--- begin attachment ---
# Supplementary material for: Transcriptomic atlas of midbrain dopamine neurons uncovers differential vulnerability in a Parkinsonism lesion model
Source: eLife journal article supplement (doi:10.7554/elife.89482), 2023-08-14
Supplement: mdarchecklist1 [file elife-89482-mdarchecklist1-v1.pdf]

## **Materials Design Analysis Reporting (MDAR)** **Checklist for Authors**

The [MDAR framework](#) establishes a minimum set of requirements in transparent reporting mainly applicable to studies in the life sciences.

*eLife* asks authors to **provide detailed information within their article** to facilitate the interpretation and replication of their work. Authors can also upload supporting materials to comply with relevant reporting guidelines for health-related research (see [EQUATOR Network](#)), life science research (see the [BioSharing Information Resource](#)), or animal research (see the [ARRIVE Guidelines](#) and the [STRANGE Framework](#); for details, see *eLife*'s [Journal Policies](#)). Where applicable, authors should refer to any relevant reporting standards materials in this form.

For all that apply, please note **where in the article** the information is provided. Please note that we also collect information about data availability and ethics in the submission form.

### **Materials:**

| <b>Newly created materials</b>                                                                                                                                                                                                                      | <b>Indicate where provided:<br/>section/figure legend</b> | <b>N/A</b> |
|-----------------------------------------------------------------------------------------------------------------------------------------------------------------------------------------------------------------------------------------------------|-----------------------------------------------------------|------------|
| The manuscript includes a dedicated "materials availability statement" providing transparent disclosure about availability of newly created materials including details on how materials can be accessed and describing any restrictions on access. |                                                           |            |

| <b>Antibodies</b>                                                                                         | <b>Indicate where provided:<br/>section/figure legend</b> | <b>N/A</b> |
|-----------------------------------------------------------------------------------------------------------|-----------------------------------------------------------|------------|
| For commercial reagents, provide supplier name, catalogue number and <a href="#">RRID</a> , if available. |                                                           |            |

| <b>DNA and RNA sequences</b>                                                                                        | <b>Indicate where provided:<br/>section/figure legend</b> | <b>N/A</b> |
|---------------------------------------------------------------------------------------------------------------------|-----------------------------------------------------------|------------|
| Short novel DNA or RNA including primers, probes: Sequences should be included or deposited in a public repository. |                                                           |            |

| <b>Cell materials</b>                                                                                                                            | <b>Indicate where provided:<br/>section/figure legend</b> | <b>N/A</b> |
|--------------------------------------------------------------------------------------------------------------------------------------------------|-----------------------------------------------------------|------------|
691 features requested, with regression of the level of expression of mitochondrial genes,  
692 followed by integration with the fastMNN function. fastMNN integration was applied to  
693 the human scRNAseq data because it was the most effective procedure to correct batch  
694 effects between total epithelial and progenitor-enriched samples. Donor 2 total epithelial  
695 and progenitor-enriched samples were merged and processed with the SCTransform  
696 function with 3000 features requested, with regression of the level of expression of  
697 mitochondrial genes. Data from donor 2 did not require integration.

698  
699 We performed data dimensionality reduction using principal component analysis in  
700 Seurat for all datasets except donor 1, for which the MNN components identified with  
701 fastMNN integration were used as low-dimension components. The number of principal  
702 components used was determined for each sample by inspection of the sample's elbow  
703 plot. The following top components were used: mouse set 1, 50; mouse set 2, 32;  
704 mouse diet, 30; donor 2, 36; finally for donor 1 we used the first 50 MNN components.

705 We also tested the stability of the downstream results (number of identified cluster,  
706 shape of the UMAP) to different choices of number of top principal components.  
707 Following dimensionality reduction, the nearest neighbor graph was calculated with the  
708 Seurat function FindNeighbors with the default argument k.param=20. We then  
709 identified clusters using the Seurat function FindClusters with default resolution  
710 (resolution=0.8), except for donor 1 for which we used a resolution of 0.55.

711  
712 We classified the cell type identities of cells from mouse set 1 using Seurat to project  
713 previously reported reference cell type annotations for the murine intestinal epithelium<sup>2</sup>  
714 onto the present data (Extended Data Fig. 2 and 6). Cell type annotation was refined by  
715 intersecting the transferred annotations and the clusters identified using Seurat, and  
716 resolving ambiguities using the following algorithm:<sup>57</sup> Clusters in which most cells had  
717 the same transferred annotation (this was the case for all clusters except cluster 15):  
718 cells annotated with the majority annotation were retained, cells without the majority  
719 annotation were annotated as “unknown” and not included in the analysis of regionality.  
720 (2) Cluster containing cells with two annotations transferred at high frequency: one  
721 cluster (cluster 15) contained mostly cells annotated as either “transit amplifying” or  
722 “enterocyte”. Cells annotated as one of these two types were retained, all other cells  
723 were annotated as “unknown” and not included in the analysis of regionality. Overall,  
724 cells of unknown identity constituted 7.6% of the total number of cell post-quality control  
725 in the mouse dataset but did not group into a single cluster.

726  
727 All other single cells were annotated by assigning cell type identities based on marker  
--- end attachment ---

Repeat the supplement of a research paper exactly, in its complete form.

# Supplementary material for: Transcriptomic atlas of midbrain dopamine neurons uncovers differential vulnerability in a Parkinsonism lesion model
Source: eLife journal article supplement (doi:10.7554/elife.89482), 2023-08-14
Supplement: mdarchecklist1 [file elife-89482-mdarchecklist1-v1.pdf]

## **Materials Design Analysis Reporting (MDAR)** **Checklist for Authors**

The [MDAR framework](#) establishes a minimum set of requirements in transparent reporting mainly applicable to studies in the life sciences.

*eLife* asks authors to **provide detailed information within their article** to facilitate the interpretation and replication of their work. Authors can also upload supporting materials to comply with relevant reporting guidelines for health-related research (see [EQUATOR Network](#)), life science research (see the [BioSharing Information Resource](#)), or animal research (see the [ARRIVE Guidelines](#) and the [STRANGE Framework](#); for details, see *eLife*'s [Journal Policies](#)). Where applicable, authors should refer to any relevant reporting standards materials in this form.

For all that apply, please note **where in the article** the information is provided. Please note that we also collect information about data availability and ethics in the submission form.

### **Materials:**

| <b>Newly created materials</b>                                                                                                                                                                                                                      | <b>Indicate where provided:<br/>section/figure legend</b> | <b>N/A</b> |
|-----------------------------------------------------------------------------------------------------------------------------------------------------------------------------------------------------------------------------------------------------|-----------------------------------------------------------|------------|
| The manuscript includes a dedicated "materials availability statement" providing transparent disclosure about availability of newly created materials including details on how materials can be accessed and describing any restrictions on access. |                                                           |            |

| <b>Antibodies</b>                                                                                         | <b>Indicate where provided:<br/>section/figure legend</b> | <b>N/A</b> |
|-----------------------------------------------------------------------------------------------------------|-----------------------------------------------------------|------------|
| For commercial reagents, provide supplier name, catalogue number and <a href="#">RRID</a> , if available. |                                                           |            |

| <b>DNA and RNA sequences</b>                                                                                        | <b>Indicate where provided:<br/>section/figure legend</b> | <b>N/A</b> |
|---------------------------------------------------------------------------------------------------------------------|-----------------------------------------------------------|------------|
| Short novel DNA or RNA including primers, probes: Sequences should be included or deposited in a public repository. |                                                           |            |

| <b>Cell materials</b>                                                                                                                            | <b>Indicate where provided:<br/>section/figure legend</b> | <b>N/A</b> |
|--------------------------------------------------------------------------------------------------------------------------------------------------|-----------------------------------------------------------|------------|
691 features requested, with regression of the level of expression of mitochondrial genes,  
692 followed by integration with the fastMNN function. fastMNN integration was applied to  
693 the human scRNAseq data because it was the most effective procedure to correct batch  
694 effects between total epithelial and progenitor-enriched samples. Donor 2 total epithelial  
695 and progenitor-enriched samples were merged and processed with the SCTransform  
696 function with 3000 features requested, with regression of the level of expression of  
697 mitochondrial genes. Data from donor 2 did not require integration.

698  
699 We performed data dimensionality reduction using principal component analysis in  
700 Seurat for all datasets except donor 1, for which the MNN components identified with  
701 fastMNN integration were used as low-dimension components. The number of principal  
702 components used was determined for each sample by inspection of the sample's elbow  
703 plot. The following top components were used: mouse set 1, 50; mouse set 2, 32;  
704 mouse diet, 30; donor 2, 36; finally for donor 1 we used the first 50 MNN components.

705 We also tested the stability of the downstream results (number of identified cluster,  
706 shape of the UMAP) to different choices of number of top principal components.  
707 Following dimensionality reduction, the nearest neighbor graph was calculated with the  
708 Seurat function FindNeighbors with the default argument k.param=20. We then  
709 identified clusters using the Seurat function FindClusters with default resolution  
710 (resolution=0.8), except for donor 1 for which we used a resolution of 0.55.

711  
712 We classified the cell type identities of cells from mouse set 1 using Seurat to project  
713 previously reported reference cell type annotations for the murine intestinal epithelium<sup>2</sup>  
714 onto the present data (Extended Data Fig. 2 and 6). Cell type annotation was refined by  
715 intersecting the transferred annotations and the clusters identified using Seurat, and  
716 resolving ambiguities using the following algorithm:<sup>57</sup> Clusters in which most cells had  
717 the same transferred annotation (this was the case for all clusters except cluster 15):  
718 cells annotated with the majority annotation were retained, cells without the majority  
719 annotation were annotated as “unknown” and not included in the analysis of regionality.  
720 (2) Cluster containing cells with two annotations transferred at high frequency: one  
721 cluster (cluster 15) contained mostly cells annotated as either “transit amplifying” or  
722 “enterocyte”. Cells annotated as one of these two types were retained, all other cells  
723 were annotated as “unknown” and not included in the analysis of regionality. Overall,  
724 cells of unknown identity constituted 7.6% of the total number of cell post-quality control  
725 in the mouse dataset but did not group into a single cluster.

726  
727 All other single cells were annotated by assigning cell type identities based on marker  